Sean Hackbarth Sean Hackbarth
Senior Editor, Digital Content, U.S. Chamber of Commerce


December 21, 2017


UPDATE (1/2/2018): GOP Majority Whip Steven Scalise's office is keeping a list of companies making investment announcements.

Before President Donald Trump puts his signature on the first major tax reform in 31 years, we’re seeing an immediate, positive effect.

As U.S. Chamber Chief Economist J.D. Foster explained, one of the key parts of the Tax Cuts and Jobs Act is lowering the corporate tax rate to 21%, “thus finally bringing the U.S. rate into better alignment with its major competitors, while the effective passthrough rate is similarly reduced.” The bill also allows full expensing on business investment for the next five years.

Because of these and other pro-growth policies in the bill, four American companies delivered some Christmas gifts by announcing they will invest in their workers and communities.


Last month, AT&T pledged it would invest an addition $1 billion into broadband infrastructure if the tax reform bill was passed. Yesterday, they added that it will “pay a special $1,000 bonus to more than 200,000 AT&T U.S. employees,” according to a company statement.

“Congress, working closely with the President, took a monumental step to bring taxes paid by U.S. businesses in line with the rest of the industrialized world,” said Randall Stephenson, AT&T chairman and CEO. “This tax reform will drive economic growth and create good-paying jobs. In fact, we will increase our U.S. investment and pay a special bonus to our U.S. employees.”


The media and technology company will be handing out $1,000 bonuses to more than 100,000 employees. Along with that, Brian Roberts, Chairman and CEO of Comcast NBCUniversal, noted his company planned to spend over $50 billion over the next five years on infrastructure.


The aerospace giant will spend $300 million: $100 million will be donated to charities, focusing on education, local communities, and for veterans and military personnel; $100 million will go to training its workers; and $100 million will be spent on new “facilities and infrastructure enhancements for Boeing employees.”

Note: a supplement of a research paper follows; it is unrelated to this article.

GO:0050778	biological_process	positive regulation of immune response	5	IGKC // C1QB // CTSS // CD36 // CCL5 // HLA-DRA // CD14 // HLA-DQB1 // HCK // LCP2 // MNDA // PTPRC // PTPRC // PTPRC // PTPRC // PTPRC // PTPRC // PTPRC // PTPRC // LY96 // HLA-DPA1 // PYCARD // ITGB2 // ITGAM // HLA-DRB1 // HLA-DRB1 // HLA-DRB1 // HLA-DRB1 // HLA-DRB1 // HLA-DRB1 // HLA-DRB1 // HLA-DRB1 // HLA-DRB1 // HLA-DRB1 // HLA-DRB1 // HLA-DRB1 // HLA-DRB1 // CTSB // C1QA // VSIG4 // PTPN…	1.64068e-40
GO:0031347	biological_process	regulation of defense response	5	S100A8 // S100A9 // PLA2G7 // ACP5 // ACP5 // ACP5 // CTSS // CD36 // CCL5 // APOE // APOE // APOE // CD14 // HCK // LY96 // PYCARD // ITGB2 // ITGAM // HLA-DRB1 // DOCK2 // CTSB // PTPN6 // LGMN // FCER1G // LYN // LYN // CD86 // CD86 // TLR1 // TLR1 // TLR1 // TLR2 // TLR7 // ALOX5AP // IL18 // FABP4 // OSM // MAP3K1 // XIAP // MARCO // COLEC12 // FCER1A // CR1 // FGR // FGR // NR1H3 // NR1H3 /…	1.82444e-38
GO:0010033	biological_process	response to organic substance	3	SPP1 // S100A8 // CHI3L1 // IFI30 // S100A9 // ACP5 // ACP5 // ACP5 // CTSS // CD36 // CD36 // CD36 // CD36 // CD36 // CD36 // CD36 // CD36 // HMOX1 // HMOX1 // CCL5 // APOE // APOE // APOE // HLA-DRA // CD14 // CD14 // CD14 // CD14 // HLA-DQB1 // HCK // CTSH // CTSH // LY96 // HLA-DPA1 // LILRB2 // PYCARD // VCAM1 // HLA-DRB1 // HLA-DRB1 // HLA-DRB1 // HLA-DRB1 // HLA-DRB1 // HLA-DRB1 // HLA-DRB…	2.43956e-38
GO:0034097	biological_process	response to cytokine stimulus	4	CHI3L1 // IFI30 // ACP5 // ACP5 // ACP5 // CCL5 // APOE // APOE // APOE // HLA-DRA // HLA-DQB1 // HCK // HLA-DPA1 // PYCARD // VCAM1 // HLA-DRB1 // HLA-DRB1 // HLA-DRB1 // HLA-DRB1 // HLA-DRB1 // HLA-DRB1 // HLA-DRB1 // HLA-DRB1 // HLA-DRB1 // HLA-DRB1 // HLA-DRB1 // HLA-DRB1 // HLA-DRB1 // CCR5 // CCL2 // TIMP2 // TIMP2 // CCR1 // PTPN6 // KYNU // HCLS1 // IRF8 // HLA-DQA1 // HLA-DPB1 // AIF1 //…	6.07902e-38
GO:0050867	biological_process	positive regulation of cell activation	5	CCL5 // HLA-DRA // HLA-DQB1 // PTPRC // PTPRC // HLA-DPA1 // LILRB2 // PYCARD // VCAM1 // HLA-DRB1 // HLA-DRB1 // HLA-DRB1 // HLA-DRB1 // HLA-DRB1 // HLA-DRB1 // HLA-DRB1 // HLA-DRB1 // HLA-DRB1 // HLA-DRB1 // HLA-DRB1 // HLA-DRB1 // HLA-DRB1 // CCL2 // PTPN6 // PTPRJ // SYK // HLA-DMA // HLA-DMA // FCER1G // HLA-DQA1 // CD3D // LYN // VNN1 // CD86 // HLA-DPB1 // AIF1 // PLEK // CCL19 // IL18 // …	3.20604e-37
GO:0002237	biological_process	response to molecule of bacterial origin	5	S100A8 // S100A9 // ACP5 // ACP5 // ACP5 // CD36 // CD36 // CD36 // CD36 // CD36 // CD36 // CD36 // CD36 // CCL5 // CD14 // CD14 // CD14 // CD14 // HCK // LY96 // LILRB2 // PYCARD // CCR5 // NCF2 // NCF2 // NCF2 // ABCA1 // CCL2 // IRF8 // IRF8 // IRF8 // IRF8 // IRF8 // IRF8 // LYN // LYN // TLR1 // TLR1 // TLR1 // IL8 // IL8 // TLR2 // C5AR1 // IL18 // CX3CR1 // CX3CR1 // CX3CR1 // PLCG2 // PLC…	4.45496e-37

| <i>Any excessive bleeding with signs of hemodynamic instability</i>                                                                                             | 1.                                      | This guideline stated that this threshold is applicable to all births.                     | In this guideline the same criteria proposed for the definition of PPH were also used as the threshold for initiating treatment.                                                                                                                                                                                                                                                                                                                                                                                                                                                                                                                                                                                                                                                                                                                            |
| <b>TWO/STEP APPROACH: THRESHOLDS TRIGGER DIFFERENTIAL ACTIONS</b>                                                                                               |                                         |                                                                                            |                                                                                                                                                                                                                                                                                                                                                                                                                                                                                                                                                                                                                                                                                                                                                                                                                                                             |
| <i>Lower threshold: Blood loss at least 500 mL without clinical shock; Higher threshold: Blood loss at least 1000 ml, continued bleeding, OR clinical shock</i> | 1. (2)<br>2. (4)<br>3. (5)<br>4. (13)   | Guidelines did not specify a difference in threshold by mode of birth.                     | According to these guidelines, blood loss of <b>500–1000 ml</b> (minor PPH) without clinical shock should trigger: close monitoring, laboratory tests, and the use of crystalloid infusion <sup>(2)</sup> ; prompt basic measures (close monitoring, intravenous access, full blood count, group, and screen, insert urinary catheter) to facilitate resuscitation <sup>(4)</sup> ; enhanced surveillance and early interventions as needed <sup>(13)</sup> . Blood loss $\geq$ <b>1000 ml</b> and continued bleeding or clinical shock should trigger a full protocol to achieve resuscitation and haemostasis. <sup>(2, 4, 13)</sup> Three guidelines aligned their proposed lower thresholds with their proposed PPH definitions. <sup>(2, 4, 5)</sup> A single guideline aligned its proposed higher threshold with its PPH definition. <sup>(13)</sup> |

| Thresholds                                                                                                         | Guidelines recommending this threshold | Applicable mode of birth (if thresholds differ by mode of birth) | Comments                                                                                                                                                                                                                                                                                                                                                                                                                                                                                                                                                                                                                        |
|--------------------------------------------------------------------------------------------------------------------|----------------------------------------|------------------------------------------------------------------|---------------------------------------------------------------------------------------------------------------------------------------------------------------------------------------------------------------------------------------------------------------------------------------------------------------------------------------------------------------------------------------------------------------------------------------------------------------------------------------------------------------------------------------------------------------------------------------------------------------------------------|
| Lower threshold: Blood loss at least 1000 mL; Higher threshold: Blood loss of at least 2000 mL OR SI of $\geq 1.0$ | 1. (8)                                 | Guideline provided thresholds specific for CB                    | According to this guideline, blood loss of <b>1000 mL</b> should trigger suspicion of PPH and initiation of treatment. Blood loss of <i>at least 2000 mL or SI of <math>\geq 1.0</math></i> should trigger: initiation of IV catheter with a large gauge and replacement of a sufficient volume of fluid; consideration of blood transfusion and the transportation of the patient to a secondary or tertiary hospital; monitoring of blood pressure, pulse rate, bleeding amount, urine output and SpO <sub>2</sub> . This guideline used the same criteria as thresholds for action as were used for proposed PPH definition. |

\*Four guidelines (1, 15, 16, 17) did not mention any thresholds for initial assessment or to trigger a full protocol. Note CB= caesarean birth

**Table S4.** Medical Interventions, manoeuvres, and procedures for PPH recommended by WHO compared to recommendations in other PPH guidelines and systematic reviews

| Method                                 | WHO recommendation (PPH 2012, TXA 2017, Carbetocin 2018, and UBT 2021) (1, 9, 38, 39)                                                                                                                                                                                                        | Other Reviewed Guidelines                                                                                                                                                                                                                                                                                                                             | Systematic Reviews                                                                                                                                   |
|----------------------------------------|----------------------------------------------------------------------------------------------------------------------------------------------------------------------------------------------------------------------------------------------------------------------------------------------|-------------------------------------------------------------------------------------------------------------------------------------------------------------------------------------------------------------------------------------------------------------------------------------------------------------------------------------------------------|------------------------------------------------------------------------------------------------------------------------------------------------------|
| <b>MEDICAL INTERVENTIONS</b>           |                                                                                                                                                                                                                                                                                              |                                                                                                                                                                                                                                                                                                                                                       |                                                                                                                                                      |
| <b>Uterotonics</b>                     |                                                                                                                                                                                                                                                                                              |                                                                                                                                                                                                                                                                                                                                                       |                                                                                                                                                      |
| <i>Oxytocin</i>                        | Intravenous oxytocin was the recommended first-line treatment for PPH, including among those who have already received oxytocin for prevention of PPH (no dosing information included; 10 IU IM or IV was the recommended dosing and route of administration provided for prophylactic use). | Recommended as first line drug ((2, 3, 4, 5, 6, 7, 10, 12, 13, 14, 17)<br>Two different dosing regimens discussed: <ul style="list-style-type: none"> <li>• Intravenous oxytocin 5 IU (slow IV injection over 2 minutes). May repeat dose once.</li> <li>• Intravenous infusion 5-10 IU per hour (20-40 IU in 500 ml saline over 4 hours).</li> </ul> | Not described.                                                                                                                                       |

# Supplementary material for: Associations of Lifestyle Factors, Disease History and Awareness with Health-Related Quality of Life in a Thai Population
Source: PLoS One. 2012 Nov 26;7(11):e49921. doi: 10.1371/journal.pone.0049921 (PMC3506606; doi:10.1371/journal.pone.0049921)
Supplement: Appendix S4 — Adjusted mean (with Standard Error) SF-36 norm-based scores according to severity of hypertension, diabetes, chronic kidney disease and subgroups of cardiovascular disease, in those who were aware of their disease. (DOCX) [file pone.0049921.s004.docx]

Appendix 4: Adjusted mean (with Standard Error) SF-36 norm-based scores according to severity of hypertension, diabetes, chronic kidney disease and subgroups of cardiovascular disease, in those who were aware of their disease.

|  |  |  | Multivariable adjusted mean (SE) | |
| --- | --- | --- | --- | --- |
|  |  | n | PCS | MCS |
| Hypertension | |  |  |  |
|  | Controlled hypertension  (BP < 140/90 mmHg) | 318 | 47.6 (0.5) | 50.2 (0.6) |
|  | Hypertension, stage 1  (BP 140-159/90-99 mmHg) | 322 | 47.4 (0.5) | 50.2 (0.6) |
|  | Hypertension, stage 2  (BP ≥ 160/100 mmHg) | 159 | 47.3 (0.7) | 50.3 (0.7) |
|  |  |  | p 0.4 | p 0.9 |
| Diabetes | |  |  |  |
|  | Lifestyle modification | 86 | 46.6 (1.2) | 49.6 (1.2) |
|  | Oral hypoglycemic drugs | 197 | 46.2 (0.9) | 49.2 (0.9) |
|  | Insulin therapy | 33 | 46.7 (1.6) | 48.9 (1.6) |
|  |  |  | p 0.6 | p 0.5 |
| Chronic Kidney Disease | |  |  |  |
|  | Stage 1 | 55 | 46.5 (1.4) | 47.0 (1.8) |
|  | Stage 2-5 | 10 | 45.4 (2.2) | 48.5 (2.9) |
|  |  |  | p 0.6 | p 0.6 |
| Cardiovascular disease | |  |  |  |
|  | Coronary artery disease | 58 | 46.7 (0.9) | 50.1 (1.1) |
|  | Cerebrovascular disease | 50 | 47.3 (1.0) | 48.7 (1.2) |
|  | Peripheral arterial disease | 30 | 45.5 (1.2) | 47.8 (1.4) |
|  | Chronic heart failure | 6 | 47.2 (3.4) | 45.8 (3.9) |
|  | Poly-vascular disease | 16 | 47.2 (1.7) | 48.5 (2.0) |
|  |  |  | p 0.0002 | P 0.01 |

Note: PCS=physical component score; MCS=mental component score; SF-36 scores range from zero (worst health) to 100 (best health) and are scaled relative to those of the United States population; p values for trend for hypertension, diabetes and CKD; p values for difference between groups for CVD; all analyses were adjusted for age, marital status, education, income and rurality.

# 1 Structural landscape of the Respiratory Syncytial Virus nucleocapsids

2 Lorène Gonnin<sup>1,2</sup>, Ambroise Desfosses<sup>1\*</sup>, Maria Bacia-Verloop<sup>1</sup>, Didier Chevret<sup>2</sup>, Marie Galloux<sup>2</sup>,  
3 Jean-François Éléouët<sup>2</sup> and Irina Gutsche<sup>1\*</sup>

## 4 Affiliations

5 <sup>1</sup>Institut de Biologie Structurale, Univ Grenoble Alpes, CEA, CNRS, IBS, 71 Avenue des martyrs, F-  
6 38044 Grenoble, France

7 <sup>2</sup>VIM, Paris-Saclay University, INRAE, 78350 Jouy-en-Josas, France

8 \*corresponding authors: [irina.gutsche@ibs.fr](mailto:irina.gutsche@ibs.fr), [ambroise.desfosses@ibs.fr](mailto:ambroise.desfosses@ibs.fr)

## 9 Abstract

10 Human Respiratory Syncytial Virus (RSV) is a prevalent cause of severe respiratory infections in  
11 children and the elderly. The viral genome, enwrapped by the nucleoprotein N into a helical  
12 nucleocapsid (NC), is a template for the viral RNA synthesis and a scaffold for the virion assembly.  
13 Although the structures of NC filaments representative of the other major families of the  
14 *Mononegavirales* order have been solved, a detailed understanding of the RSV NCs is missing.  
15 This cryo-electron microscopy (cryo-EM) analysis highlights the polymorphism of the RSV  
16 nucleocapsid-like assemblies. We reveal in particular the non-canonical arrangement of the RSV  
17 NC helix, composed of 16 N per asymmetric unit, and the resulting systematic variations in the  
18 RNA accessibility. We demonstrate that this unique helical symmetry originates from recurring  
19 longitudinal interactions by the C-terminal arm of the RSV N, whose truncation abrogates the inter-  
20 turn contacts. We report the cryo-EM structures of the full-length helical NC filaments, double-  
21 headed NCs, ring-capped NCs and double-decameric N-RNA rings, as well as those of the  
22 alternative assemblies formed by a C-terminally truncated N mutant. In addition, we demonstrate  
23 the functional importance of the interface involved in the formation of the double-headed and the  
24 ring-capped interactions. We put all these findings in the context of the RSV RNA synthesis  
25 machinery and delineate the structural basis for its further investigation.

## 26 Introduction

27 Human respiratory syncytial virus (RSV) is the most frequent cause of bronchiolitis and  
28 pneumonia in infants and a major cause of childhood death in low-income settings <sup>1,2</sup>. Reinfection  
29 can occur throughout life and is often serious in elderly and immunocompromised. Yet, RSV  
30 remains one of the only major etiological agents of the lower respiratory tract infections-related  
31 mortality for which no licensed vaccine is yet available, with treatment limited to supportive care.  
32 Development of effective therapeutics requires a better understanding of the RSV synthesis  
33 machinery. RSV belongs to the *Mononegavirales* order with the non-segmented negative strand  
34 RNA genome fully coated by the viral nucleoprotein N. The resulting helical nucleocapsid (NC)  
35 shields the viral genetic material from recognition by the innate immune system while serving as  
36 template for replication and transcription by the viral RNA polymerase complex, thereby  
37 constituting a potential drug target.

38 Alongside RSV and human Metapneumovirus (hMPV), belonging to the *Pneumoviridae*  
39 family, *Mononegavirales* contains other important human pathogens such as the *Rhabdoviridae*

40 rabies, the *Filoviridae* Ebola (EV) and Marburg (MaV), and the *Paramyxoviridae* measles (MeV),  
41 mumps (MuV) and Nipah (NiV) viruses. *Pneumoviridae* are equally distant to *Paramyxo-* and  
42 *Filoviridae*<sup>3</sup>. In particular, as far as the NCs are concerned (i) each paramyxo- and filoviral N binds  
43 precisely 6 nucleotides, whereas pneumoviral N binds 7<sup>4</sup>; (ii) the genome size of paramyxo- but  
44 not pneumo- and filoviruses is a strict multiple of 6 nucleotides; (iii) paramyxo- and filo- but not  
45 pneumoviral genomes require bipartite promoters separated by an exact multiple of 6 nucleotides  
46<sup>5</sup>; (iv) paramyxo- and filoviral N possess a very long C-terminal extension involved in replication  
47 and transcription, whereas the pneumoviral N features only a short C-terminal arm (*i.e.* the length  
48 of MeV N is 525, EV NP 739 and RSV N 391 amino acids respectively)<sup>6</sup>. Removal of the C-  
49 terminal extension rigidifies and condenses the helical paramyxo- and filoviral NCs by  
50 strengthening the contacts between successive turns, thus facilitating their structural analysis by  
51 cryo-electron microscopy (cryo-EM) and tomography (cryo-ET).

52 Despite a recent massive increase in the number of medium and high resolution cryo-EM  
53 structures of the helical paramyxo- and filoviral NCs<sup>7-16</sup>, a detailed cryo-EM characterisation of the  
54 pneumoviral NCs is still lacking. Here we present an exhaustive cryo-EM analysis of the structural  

"Each of these investments benefits Boeing's most important strength – our employees – and reflects the real-time impact and economic benefit of the reforms,” said Boeing President and Chief Executive Officer Dennis Muilenburg.

Fifth Third Bank

The Cincinnati-based financial services company will raise wages and issue a bonus. In a statement, the company said once President Trump signs tax reform, 3,000 hourly employees will get raises to $15 per hour and 13,500 employees will get a $1,000 bonus.

“We want to invest in our most important asset – our people,” said Fifth Third President and CEO Greg Carmichael. “Our employees drive our reputation, our business and our success.”


Idaho-based health care and home products company Melaleuca will give bonuses to its employeesbased on how long they've been with the company. "Melaleuca employees stay at the company eight years — which would result in an $800 bonus. The company also has 147 employees who have worked for [Melaleuca CEO Frank] VanderSloot for 20 years or more," the Associated Press reports.

“We’re going to be able to have quite a few substantial dollars after taxes,” VanderSloot said. “I suspect we’re one of the largest taxpayers in the state, so we’re going to have some more dollars to spread around. That money should go to the people who built the company.”


The North Carolina-based financial services company will, pay out a $1,200 bonus for about 27,000 employees, raise its lowest wage to $15 per hour, and donate $100 million to charities.

"By far and away, our associates are our most important asset. They're the biggest reason we're able to serve our clients each and every day in an extraordinary way," said BB&T Chairman and CEO Kelly King.

Bank of America

Bank of America will issue a $1,000 bonus to 145,000 employees.

“In the spirit of shared success, we intend to pass some of those benefits along immediately,” chairman and CEO Brian Moynihan wrote, in a memo to employees.

Critics of the tax reform bill scoffed that companies would reinvest in their companies, employees, and communities. But right way, we see those critics should be more careful in their punditry.

Tax reform is what the country needs for stronger, sustainable economic growth. We’ve only just begun to see the positive effects from it.

Editor's note (12/22/2017): Announcements from Melaleuca, BB&T, and Bank of America were added.

About the authors

Sean Hackbarth

Sean Hackbarth

Sean writes about public policies affecting businesses including energy, health care, and regulations. When not battling those making it harder for free enterprise to succeed, he raves about all things Wisconsin (his home state) and religiously follows the Green Bay Packers.

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